I used to be fearless.
I used to be spontaneous.
Do you need to be one in order to be the other?
The year I turned 26, I moved to a small-ish mountain city in eastern China – well, small for China. I’d finished my Honours and had no idea what to do with myself, as has often been the case after finishing something ‘big’. Late one night, randomly browsing the internet in an anywhere-but-here mood, I came across stories of people who’d taught English in China.
It sounded adventurous. It definitely sounded anywhere-but-here. I applied to two agencies. I got a response from one on a Friday, asking me if I was prepared to arrive in China the following Thursday.
After giving an ultimatum to my then-partner (who decided to come with me), I left a job, packed a house, flew to northern Queensland to give my two cats to my parents, and boarded a plane for a city I’d never heard of before.
I moved to China in six days, only able to say ‘hello’ in Mandarin (badly), and I’d do it again in a heartbeat.
The small-ish mountain city was Linhai, in Zhejiang province. If you’ve ever seen ancient Chinese paintings of bamboo and mountains, this was the area in which many were painted. It could be heart-stoppingly beautiful. There was the Southern Great Wall, East Lake, markets, seemingly lots of brothels, and the most amazing side streets. I can never resist a side street in a foreign country. I spent a lot of time hopelessly lost, and entirely fascinated by everything.
I was put in a primary school and so taught very small and deeply adorable children stories about foxes and grapes, colours and pronouns, and, most importantly of all, the hokey-pokey. At one stage, I was hokey-pokey-ing for about 16 hours a week. My ability to stand on one leg while waiting for an entire classroom of distractible 6-year-olds to also stand on one leg remains an impressive skill and one that is desperately overlooked by ARC grant reviewers.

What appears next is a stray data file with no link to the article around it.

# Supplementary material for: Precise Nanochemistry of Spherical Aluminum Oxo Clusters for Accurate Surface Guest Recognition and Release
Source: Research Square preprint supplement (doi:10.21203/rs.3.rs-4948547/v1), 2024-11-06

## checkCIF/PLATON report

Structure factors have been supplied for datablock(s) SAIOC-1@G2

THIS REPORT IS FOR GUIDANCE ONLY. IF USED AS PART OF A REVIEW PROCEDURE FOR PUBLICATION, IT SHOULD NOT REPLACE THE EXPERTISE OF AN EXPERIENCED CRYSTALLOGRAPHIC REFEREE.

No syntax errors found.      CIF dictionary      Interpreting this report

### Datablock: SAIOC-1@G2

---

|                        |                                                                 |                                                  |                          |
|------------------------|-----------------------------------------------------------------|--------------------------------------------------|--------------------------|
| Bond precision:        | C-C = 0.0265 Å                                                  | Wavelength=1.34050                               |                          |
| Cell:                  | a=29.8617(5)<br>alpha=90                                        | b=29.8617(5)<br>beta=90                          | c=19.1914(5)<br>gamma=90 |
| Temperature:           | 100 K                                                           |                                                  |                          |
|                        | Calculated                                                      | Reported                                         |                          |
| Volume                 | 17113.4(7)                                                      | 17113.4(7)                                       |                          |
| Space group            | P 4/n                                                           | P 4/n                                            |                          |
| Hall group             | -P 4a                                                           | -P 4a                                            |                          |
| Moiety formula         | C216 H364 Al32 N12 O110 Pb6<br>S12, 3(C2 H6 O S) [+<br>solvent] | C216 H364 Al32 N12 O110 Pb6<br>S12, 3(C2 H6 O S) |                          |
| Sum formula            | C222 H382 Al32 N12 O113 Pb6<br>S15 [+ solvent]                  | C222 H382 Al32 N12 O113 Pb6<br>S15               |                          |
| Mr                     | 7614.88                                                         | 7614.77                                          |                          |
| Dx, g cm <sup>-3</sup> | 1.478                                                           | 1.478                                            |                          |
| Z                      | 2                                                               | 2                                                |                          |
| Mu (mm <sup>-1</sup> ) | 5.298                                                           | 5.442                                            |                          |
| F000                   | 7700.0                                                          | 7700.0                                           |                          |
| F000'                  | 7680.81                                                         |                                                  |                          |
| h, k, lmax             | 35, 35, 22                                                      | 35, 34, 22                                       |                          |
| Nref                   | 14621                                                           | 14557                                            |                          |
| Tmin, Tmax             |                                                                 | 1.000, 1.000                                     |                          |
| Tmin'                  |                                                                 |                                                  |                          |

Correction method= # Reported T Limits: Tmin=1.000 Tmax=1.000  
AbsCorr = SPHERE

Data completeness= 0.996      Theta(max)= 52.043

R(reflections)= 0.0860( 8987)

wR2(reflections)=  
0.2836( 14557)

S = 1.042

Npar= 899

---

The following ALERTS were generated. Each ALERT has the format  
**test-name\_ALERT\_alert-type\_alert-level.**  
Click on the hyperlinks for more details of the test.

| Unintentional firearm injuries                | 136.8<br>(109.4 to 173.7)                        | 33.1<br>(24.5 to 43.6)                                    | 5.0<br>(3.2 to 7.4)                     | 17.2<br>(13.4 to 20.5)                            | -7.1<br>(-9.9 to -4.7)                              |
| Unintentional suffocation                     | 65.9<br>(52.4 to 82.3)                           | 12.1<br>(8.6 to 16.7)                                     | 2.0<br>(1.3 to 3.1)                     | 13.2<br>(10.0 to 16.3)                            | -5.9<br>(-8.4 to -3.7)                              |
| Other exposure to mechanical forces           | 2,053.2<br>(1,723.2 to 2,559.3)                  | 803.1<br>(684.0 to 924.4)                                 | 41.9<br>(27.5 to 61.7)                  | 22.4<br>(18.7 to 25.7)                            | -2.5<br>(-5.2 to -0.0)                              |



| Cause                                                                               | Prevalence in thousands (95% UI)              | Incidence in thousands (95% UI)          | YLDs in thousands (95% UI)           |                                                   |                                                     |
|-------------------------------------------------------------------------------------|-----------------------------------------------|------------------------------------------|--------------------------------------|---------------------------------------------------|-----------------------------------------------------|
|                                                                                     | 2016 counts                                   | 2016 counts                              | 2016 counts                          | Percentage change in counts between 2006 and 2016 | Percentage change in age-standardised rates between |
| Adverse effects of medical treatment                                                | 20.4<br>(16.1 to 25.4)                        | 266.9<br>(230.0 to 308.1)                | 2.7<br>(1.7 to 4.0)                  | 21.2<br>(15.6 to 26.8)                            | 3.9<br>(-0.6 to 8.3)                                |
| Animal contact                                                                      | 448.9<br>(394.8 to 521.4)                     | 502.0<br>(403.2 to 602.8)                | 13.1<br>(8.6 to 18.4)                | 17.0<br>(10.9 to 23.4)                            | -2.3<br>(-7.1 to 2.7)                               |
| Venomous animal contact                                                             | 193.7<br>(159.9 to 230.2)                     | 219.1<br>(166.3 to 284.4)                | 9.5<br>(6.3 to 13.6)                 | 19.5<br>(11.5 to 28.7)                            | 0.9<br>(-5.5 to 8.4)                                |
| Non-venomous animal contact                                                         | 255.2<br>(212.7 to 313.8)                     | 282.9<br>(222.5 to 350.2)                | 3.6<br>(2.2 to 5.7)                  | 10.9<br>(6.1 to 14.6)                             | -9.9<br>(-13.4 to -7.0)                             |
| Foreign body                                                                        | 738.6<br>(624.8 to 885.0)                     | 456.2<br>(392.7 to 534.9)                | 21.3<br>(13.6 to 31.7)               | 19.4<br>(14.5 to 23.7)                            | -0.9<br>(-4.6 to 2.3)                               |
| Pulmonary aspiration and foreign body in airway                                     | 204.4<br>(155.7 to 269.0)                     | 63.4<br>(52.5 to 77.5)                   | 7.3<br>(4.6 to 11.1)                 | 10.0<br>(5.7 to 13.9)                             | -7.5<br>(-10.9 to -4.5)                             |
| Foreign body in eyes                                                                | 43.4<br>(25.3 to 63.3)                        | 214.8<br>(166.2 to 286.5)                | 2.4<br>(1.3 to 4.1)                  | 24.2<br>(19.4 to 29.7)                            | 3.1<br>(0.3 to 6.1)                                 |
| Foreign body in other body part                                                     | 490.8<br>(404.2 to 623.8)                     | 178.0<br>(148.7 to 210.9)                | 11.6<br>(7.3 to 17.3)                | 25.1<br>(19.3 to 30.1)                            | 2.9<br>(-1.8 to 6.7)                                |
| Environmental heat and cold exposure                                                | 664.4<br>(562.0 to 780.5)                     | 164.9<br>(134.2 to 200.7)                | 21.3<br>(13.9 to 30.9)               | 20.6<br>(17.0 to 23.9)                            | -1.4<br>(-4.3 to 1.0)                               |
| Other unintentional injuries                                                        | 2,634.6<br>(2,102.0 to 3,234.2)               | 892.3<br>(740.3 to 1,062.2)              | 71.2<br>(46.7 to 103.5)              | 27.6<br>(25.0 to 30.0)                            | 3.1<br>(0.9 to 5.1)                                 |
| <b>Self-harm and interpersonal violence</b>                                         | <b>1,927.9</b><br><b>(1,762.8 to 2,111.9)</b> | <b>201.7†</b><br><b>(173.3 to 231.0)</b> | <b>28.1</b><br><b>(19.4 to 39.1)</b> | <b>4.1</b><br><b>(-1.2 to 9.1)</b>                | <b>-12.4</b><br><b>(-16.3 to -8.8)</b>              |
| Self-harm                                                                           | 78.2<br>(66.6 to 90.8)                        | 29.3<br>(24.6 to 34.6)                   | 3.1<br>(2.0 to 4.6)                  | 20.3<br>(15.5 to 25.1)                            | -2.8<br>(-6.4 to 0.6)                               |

I did so many things that year that I had never done before.
I was thinking about this the other day, as a new year started and I had found myself back in my office, having slid into the same routine, piles of marking and grants and papers, and never-ending to-do lists. Do our workdays sometimes blur together as we get lost in a theory, or an equation, or the paragraph that just isn’t quite right yet? Does spontaneity and fearlessness disappear just a little when responsibilities become slightly more adult and playing anywhere-but-here may not be the practical solution to ‘What do I do now?’
Can you still be properly adult and be spontaneous and fearless, or is it more about choosing what to be spontaneous and fearless about? Is being properly adult actually something to aspire to anyway?
As someone who would happily eat avocado toast, and wear pyjamas, all the time if I could get away with it, maybe I’m not the best judge of what ‘properly adult’ can be….
Is it more about reconceptualising adventures, and spontaneity, and fearlessness? Taking a day either side of a conference in a foreign city in which to get hopelessly lost down side streets? Make a concerted effort to do something not-routine every so often, no matter how small it is, or silly it feels. Being fearless in whatever makes your heart beat – putting yourself out there to be heard, no matter how many people hear?
I think maybe, in all of this, my greatest fear is regret. If I fall so easily into work routines, am I missing the beauty of the day? Am I not grasping every opportunity because I’m not open to seeing them?
In the end, I would always rather regret something I’ve done than wish after something I didn’t do. There’s a line in ‘Possession’ (sorry, it’s still very much in my head at the moment) which says exactly that:
“We must come to grief and regret anyway – and I for one would rather regret the reality than its phantasm, knowledge than hope, the deed than the hesitation, true life and not mere sickly potentialities”
Maybe then even the small things can make a difference here because they’re done at least, and not imagined.
The quote makes me think back to China. I know what goose tongue tastes like now. I never have to regret that I didn’t try it or wonder what it tastes like. Which is a great thing, and makes me very happy to vegetarian again.